It appears that the government has yet to learn from its past mistakes. The Lynas controversy stemmed from the government’s foolish move to approve the construction of the rare earth refinery without public consultation. Most Malaysians were only aware of the plant after the The New York Times report. If the government wants to restore public confidence, it must be transparent in all its future dealings with Lynas and the public.

Even if the final location of the permanent disposal facility has yet to be determined, the government must guarantee that it will consult the relevant state governments and local communities before a location is finalised. The government must assure local communities that they will be treated and included as legitimate stakeholders when the time comes. This is especially so since there are real fears that the community’s livelihood and environment could be affected by a permanent disposal facility in their midst.

Compared to the government, Lynas Corp seems to be doing a better public relations job. On 10 July 2013, it dropped the defamation suit against Save Malaysia Stop Lynas. Apart from that, it’s clear Lynas has a business to run. Hence, it must manage its relationship with stakeholders carefully if it’s to continue running its business.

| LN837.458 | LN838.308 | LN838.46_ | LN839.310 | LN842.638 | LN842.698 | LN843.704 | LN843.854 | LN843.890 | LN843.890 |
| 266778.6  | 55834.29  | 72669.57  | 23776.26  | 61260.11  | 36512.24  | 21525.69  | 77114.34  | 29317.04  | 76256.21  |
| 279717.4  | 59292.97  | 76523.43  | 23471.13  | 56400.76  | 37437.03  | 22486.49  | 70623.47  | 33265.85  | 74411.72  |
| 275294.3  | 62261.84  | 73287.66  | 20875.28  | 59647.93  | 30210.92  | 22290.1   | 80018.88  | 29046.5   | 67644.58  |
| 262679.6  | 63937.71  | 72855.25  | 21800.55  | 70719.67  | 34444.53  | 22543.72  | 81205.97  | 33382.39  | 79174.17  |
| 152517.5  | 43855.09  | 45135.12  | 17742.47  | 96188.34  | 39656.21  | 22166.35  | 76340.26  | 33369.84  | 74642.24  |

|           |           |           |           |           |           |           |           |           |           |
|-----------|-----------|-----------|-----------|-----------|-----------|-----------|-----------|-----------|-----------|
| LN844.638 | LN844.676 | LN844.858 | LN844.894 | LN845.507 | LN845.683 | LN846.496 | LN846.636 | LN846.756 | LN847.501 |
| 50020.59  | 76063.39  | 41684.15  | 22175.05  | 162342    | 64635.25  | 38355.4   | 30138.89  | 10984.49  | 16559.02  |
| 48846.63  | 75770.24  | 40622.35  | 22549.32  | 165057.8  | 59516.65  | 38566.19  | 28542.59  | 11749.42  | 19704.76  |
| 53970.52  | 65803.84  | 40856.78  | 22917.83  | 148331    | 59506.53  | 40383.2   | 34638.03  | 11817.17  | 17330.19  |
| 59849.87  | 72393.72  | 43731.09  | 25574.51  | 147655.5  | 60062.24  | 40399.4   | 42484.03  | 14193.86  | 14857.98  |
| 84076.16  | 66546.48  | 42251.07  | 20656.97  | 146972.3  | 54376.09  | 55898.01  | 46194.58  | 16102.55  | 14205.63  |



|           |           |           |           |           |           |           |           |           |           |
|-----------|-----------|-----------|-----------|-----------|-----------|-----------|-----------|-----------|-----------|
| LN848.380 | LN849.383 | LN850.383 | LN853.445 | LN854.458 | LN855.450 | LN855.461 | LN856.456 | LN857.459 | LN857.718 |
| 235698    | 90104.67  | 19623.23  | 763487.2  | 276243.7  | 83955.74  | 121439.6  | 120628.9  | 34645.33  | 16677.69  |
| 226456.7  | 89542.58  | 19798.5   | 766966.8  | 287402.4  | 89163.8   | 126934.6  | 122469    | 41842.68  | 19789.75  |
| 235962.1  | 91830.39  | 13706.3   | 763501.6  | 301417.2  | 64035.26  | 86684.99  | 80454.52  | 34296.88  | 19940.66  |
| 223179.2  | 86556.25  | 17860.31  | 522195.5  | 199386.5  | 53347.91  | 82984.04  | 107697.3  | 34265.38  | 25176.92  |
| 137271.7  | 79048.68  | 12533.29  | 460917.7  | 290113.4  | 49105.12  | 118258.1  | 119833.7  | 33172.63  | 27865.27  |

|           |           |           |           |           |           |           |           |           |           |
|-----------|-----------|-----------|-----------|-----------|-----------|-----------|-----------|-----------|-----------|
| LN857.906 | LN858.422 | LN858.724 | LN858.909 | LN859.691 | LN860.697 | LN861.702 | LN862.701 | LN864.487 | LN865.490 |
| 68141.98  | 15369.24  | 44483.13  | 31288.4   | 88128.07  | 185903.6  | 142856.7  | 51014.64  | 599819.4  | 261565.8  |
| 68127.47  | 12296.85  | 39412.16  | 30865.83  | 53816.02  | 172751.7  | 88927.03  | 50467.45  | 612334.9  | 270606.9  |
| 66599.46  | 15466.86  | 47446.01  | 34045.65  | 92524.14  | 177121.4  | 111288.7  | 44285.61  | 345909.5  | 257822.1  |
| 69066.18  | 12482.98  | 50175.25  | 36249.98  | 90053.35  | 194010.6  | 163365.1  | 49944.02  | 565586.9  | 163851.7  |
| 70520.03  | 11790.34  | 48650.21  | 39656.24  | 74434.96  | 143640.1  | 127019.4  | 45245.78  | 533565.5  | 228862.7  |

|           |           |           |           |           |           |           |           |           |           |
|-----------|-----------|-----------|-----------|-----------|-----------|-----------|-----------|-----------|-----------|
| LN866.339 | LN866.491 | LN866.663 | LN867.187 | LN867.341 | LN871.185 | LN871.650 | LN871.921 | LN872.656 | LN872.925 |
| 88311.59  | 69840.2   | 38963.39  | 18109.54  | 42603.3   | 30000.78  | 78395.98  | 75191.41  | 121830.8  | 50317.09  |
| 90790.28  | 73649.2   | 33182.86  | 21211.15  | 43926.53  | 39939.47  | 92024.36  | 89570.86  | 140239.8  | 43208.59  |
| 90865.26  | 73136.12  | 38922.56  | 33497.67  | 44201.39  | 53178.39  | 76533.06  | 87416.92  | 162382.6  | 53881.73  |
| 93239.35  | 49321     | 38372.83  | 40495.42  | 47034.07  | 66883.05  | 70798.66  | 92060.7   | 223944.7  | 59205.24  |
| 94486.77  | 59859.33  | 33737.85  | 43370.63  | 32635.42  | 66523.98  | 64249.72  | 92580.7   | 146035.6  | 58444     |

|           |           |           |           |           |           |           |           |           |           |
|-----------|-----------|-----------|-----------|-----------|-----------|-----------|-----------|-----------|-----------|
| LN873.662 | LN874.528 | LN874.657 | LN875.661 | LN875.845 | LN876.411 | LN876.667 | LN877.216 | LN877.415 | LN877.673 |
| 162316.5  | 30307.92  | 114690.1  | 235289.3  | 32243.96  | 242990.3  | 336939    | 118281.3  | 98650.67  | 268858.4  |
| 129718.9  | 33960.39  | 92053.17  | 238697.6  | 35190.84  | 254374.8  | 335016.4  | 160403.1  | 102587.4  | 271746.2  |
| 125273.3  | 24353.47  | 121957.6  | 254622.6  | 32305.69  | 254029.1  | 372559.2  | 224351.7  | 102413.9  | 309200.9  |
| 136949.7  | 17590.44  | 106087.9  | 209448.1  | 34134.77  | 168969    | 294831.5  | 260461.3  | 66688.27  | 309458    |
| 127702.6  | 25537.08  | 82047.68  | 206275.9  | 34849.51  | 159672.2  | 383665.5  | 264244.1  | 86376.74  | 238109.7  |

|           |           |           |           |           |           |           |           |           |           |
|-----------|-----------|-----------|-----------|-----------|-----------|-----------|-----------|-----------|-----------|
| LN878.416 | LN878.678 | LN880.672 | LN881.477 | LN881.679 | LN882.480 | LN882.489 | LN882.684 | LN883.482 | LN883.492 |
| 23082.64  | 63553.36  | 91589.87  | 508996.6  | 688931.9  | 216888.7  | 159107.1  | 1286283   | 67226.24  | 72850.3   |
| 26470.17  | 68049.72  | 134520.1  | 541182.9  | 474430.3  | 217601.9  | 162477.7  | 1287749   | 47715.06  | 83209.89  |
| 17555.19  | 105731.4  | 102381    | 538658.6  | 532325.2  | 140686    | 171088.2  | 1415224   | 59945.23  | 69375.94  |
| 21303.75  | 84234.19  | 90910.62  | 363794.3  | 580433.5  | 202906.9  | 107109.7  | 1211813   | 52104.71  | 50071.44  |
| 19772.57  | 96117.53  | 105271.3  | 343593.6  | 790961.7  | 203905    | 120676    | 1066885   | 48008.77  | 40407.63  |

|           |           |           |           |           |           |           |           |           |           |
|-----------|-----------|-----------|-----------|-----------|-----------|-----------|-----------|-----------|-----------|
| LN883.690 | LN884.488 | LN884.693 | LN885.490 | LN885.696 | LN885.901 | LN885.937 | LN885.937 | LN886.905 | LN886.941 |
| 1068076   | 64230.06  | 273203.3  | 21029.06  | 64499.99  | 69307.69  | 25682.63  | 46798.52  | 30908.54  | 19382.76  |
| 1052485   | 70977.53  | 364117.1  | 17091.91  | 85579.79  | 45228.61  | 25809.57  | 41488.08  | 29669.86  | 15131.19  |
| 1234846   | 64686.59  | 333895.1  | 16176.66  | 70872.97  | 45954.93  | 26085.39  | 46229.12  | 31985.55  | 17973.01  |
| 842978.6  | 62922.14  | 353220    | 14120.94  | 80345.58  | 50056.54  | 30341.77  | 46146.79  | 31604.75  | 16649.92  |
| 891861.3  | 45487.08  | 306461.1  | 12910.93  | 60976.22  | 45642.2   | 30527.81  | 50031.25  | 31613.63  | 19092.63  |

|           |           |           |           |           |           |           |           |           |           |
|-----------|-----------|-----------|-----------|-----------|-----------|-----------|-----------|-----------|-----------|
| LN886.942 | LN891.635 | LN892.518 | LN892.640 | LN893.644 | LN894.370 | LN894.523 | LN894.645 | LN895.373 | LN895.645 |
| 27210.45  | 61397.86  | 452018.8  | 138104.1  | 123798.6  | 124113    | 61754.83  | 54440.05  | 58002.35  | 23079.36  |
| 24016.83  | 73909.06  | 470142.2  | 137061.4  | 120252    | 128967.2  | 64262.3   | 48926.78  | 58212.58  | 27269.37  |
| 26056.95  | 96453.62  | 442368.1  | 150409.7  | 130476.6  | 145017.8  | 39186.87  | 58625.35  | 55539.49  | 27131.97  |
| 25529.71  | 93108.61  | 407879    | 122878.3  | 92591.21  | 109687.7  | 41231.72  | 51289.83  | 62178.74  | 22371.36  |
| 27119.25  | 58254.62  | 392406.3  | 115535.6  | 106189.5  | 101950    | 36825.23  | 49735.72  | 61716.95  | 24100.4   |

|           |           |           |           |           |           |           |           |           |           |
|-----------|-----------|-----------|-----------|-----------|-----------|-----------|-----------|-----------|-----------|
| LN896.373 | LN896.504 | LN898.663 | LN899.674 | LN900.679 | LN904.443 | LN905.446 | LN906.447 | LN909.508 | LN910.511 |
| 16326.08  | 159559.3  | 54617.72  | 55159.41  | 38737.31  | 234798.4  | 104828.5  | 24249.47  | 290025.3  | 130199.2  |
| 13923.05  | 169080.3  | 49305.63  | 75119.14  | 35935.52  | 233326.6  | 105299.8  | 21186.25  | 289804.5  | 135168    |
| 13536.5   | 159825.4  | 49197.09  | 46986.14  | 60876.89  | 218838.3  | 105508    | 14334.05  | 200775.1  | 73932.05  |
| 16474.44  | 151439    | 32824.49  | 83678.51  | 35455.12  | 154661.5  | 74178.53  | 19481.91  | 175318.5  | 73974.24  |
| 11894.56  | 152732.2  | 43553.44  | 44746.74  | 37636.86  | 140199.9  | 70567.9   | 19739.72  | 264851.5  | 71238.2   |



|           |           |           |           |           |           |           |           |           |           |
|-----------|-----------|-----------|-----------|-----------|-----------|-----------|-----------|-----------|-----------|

(© existangst | Flickr)

(© existangst | Flickr)

Continued protests

To keep public attention on Lynas, Himpunan Hijau is running a campaign to collect one million Malaysian signatures to shut down the plant. The petition will start on 24 Aug 2013 and the signatures will be presented to among others, Parliament and the financial institutions that back Lynas. Himpunan Hijau chairperson Wong Tack has also announced that the coalition might take to the streets again in October.

Meanwhile, Save Malaysia Stop Lynas lead campaigner Tan Bun Teet has vowed to continue its international campaign against Lynas. The group has also mobilised local residents to file for judicial reviews in an attempt to revoke Lynas’s temporary operating license. Clearly, the parliamentary select committee and the approval of international experts has not been sufficient to convince skeptics of Lynas’s safety.

What needs to happen next? The government needs to be honest with the public. How feasible is Lynas’s recycling plan? Should it fail, is it really possible for Lynas to ship the waste abroad? If no, will Lynas store the waste locally? Or will it close down the plant after the temporary operating license expires in September 2014?

These are legitimate questions that the public deserve answers to. Will they be forthcoming? Past experience suggests the answer will be “No”. And if past experience is anything to go by, then the government will have to brace itself for more protests and bad press over Lynas.

Gan Pei Ling is going abroad to pursue a one-year master’s degree on the environment. She hopes the government will sort out Lynas’s waste management plan before she returns in September 2014.

Environmental “hot potatoes” in 2013

by Gan Pei Ling / 28 January 2013 © The Nut Graph

POLITICIANS today ignore environmental issues at their peril. The year 2012 saw major environmental protests against controversial projects in Malaysia. Thousands protested against the Lynas rare earth refinery, the use of cyanide at a gold mine in Pahang and the multibillion petrochemical complex in Pengerang, Johor. In Sarawak, indigenous peoples reluctant to be uprooted from their ancestral homes to make way for the Murum Dam mounted a blockade at the site for almost a month.